A commitment to serving a broad constituency, not just LGBT people, helped make Milk an effective and popular supervisor. His ambitious reform agenda included protecting gay rights—he sponsored an important anti-discrimination bill—as well as establishing day care centers for working mothers, the conversion of military facilities in the city to low-cost housing, reform of the tax code to attract industry to deserted warehouses and factories, and other issues. He was a powerful advocate for strong, safe neighborhoods, and pressured the mayor’s administration to improve services for the Castro, such as library services and community policing. In addition, he spoke out on state and national issues of interest to LGBT people, women, racial and ethnic minorities and other marginalized communities.
One of these was a California ballot initiative, Proposition 6, which would have mandated the firing of gay teachers in the state’s public schools. State Senator John Briggs, seeking to marshal anti-gay sentiment and an agenda of hate and diminishment for political gain, spearheaded the initiative. With strong, effective opposition from Milk and others, it was defeated at a time when other political attacks on gay people were being successfully waged around the United States.
Attendance swelled at gay pride marches in San Francisco and Los Angeles as Milk and others campaigned against the Briggs Initiative. In one of his eloquent Pride speeches, Milk spoke of the American ideal of equality, proclaiming, “Gay people, we will not win our rights by staying quietly in our closets. … We are coming out to fight the lies, the myths, the distortions. We are coming out to tell the truths about gays, for I am tired of the conspiracy of silence, so I’m going to talk about it. And I want you to talk about it. You must come out.”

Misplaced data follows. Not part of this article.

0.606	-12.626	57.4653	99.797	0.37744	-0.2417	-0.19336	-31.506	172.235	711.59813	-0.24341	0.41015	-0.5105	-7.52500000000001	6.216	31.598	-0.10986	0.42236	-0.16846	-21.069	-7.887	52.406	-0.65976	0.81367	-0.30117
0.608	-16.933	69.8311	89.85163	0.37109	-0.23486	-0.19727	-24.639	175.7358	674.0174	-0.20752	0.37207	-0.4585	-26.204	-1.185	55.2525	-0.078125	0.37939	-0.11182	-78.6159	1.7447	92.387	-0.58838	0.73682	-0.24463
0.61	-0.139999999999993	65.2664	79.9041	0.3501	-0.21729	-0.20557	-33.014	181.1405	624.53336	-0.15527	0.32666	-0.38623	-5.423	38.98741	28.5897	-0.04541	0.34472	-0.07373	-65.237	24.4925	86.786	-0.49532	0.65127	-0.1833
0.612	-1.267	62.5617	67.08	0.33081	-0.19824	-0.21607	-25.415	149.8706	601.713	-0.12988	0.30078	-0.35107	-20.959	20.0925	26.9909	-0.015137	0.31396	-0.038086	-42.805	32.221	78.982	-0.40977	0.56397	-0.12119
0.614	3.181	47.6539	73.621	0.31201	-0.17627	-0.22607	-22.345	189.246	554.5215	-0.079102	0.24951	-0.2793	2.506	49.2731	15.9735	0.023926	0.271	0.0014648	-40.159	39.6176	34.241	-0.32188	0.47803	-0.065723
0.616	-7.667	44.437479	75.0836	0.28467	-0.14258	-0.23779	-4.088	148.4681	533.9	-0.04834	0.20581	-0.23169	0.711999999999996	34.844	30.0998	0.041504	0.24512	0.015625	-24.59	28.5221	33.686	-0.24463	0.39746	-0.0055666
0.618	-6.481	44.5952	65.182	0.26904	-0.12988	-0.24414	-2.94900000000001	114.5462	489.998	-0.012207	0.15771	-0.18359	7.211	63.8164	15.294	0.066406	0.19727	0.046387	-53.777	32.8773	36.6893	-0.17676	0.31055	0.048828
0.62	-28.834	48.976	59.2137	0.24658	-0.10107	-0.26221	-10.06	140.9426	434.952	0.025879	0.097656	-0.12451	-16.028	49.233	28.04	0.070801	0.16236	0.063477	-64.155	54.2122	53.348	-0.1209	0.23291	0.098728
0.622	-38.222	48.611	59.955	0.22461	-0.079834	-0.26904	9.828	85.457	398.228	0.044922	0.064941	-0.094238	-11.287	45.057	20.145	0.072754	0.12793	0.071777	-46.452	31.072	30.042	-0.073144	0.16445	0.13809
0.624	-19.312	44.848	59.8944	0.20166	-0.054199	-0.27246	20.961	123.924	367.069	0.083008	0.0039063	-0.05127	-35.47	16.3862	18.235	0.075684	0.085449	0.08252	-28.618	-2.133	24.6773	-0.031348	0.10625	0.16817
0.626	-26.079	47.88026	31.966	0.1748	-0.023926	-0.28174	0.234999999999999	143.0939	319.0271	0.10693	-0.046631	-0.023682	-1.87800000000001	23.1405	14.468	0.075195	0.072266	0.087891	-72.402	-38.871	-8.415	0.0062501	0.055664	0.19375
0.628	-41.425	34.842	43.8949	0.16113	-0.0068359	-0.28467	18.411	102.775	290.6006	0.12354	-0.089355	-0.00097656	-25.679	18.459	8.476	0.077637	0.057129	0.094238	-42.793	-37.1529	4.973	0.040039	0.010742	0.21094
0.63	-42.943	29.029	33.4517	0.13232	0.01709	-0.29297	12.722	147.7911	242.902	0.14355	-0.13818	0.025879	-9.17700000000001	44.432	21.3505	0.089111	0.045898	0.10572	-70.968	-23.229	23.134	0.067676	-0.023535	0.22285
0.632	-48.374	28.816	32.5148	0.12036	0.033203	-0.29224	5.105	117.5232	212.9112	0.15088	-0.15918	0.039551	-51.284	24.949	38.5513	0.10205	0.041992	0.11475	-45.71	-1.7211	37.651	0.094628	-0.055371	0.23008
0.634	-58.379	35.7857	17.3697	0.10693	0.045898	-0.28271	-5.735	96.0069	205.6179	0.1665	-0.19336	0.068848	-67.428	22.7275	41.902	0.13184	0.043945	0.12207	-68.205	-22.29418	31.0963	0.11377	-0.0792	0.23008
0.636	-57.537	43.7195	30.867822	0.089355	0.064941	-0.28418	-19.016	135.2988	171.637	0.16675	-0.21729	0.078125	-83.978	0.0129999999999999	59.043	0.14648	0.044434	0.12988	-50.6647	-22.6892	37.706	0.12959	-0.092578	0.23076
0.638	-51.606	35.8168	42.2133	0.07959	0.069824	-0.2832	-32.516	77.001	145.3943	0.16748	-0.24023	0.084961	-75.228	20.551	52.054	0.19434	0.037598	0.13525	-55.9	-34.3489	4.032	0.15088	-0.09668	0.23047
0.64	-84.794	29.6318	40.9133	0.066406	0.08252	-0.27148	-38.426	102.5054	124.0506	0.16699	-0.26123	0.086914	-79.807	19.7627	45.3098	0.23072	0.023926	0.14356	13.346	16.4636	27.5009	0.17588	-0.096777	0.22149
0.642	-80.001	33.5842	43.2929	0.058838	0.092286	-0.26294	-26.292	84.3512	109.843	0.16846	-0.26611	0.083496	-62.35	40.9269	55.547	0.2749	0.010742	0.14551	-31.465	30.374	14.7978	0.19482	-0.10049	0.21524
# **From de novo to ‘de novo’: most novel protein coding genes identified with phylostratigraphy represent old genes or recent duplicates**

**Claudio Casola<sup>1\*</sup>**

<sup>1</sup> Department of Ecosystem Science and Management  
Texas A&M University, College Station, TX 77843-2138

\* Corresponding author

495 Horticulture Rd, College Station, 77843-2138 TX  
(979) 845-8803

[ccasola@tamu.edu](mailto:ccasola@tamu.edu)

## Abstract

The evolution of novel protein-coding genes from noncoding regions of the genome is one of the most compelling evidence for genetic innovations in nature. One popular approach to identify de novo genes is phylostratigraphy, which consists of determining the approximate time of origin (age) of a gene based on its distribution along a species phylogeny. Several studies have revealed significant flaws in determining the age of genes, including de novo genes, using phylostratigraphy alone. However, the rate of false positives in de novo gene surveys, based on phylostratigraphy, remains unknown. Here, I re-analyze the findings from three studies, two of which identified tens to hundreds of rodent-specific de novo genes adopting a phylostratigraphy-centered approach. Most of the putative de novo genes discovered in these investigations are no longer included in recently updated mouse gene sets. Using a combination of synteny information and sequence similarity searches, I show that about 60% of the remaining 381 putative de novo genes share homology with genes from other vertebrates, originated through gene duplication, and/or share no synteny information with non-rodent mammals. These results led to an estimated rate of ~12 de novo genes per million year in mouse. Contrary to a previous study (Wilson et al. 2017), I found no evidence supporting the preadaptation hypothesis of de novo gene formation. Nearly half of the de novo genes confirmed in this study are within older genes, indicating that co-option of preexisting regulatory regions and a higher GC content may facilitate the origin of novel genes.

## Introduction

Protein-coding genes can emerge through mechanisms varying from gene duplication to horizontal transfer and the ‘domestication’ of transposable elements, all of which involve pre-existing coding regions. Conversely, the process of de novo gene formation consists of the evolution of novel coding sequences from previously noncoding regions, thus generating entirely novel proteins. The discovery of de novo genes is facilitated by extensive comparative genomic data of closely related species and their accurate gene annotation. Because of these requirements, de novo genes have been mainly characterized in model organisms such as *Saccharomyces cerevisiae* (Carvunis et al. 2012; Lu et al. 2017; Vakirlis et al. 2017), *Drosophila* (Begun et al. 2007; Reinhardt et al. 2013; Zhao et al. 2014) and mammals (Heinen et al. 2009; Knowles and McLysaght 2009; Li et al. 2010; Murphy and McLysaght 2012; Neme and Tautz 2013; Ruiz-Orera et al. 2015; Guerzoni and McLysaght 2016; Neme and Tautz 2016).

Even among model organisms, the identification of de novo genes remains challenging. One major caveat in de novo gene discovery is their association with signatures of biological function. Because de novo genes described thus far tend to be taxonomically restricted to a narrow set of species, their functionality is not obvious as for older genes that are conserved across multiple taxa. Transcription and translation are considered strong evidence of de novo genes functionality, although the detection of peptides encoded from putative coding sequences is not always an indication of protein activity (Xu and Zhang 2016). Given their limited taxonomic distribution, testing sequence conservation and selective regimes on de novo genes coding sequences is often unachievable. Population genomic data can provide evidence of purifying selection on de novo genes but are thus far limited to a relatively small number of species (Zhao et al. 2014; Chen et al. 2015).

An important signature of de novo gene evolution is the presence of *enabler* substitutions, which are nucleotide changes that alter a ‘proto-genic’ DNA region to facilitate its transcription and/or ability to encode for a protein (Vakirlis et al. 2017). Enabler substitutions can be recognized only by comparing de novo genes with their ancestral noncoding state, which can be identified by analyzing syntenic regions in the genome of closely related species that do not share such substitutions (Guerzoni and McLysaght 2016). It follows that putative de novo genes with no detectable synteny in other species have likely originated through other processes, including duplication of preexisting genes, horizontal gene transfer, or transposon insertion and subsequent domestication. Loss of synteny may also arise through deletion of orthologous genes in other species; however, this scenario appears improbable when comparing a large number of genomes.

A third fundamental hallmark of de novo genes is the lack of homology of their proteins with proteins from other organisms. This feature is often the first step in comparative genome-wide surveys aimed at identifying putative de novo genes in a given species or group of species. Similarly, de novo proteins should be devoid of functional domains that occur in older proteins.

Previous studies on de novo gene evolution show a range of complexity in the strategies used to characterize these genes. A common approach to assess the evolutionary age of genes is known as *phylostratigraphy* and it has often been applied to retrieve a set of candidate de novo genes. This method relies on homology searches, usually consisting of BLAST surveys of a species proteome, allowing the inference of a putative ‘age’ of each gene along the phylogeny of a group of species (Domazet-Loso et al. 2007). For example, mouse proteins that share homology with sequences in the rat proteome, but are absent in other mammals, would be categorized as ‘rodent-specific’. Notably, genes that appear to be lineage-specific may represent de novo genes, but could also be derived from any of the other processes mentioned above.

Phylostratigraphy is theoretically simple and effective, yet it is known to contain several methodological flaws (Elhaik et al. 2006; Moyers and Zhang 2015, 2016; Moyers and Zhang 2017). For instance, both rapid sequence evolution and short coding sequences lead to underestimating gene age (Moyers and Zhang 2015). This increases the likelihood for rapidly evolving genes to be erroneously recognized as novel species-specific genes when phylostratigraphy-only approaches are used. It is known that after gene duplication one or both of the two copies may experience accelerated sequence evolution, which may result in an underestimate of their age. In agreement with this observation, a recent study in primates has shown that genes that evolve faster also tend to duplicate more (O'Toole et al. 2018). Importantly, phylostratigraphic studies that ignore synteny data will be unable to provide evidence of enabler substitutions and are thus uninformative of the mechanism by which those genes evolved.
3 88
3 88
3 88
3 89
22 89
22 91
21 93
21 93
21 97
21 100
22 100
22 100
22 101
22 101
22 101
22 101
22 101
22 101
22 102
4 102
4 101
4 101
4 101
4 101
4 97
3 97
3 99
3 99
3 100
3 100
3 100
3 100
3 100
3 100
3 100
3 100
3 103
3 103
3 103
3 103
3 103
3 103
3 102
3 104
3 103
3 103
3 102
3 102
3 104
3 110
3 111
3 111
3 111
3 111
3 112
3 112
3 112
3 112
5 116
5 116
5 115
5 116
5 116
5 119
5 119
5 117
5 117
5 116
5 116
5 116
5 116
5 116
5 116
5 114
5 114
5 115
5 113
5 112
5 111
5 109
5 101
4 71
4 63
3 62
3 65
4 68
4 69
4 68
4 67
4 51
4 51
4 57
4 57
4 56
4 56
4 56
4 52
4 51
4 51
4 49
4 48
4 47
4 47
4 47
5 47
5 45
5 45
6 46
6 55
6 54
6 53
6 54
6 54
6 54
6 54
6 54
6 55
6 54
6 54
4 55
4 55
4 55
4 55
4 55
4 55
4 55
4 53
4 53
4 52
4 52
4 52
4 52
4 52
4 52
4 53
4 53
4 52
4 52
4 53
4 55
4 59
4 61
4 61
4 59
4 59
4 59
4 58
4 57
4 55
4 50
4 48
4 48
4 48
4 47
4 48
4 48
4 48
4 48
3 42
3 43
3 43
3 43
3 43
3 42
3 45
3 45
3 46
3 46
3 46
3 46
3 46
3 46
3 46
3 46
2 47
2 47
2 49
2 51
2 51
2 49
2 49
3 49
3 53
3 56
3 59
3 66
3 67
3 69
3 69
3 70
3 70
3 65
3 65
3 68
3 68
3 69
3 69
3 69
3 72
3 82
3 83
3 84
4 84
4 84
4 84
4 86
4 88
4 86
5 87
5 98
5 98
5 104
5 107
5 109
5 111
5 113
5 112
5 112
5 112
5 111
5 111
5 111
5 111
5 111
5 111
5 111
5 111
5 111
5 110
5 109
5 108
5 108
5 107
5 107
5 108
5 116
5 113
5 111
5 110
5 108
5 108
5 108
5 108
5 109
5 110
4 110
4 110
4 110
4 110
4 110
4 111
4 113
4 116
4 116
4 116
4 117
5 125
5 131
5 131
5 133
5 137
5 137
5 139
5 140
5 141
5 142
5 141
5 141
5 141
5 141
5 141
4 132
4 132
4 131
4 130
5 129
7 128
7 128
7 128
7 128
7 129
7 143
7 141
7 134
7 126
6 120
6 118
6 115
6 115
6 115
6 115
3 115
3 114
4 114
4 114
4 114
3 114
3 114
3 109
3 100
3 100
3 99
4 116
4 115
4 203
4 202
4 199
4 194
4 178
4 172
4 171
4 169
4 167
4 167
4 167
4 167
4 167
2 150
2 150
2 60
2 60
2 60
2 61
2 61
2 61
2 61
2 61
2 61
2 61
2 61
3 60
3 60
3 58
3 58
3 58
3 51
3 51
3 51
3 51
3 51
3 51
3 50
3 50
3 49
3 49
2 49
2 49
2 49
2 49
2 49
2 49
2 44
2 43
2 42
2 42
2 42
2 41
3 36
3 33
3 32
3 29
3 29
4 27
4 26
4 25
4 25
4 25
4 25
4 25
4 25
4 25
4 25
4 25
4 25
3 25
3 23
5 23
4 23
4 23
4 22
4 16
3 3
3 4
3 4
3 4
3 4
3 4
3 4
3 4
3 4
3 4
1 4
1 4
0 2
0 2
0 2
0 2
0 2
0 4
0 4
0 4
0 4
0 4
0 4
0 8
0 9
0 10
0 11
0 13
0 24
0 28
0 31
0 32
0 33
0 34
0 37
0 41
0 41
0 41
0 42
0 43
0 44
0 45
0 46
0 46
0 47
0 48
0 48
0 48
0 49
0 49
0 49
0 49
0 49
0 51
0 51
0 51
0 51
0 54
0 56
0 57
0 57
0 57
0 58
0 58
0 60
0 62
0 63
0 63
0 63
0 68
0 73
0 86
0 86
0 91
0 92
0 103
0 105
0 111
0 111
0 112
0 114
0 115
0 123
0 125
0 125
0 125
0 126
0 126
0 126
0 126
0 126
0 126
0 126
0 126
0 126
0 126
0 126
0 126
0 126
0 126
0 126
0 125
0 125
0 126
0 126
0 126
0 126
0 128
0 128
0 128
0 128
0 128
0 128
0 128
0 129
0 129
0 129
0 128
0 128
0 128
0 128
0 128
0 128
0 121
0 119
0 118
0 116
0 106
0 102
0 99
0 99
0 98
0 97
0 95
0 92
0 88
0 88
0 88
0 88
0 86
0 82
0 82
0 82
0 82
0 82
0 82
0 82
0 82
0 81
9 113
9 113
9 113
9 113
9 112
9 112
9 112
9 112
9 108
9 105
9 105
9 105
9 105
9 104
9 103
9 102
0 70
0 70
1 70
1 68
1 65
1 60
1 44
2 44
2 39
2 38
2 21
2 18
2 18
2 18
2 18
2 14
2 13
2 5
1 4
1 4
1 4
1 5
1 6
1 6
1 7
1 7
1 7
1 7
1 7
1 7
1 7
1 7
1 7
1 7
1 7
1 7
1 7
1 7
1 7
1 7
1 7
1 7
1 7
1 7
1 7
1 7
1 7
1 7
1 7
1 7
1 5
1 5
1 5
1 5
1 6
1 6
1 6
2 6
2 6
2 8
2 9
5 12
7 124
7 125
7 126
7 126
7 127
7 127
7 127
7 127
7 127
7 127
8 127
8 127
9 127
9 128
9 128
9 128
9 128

He pioneered the building of coalitions between diverse groups – women, asians, hispanics, the disabled – and even brought together the teamsters and gay bar owners—he even brokered a pledge from the teamsters to hire more gay drivers.
Harvey was included in Time magazine’s list of the “100 most important people of the 20th century.” He has had schools, buildings, and streets named after him. A statue in the San Francisco City Hall, the Medal Of Freedom, the first openly LGBT official to have a United States Postal Service stamp in their name, a Naval ship in his name, and May 22 was declared Harvey Milk Day.
On November 27, 1978, a disgruntled former city Supervisor assassinated Milk and Mayor George Moscone. That night, a crowd of thousands spontaneously came together on Castro Street and marched to City Hall in a silent candlelight vigil that has been recognized as one of the most eloquent responses to violence that a community has ever expressed.
The life and career of Harvey Milk have been the subjects of an opera, books, and films. Including The Mayor of Castro Street, the Oscar-winning documentary The Times of Harvey Milk, and Oscar-winning drama Milk.
Harvey Milk believed that government should represent individuals, not just downtown interests, and should insure equality for all citizens while providing needed services. He spoke for the participation of LGBT people and other minorities in the political process. The more gay people came out of the closet, he believed, the more their families and friends would support protections for their equal rights. In the years since Milk’s assassination, public opinion has shifted on gay marriage, gays in the military, and other issues, and there have been hundreds of openly LGBT public officials in America, yet the work continues. The Harvey Milk Foundation, established by his nephew, Stuart Milk, and Anne Kronenberg, his campaign manager and aide, is dedicated to realizing his vision of equality and authenticity for everyone, everywhere.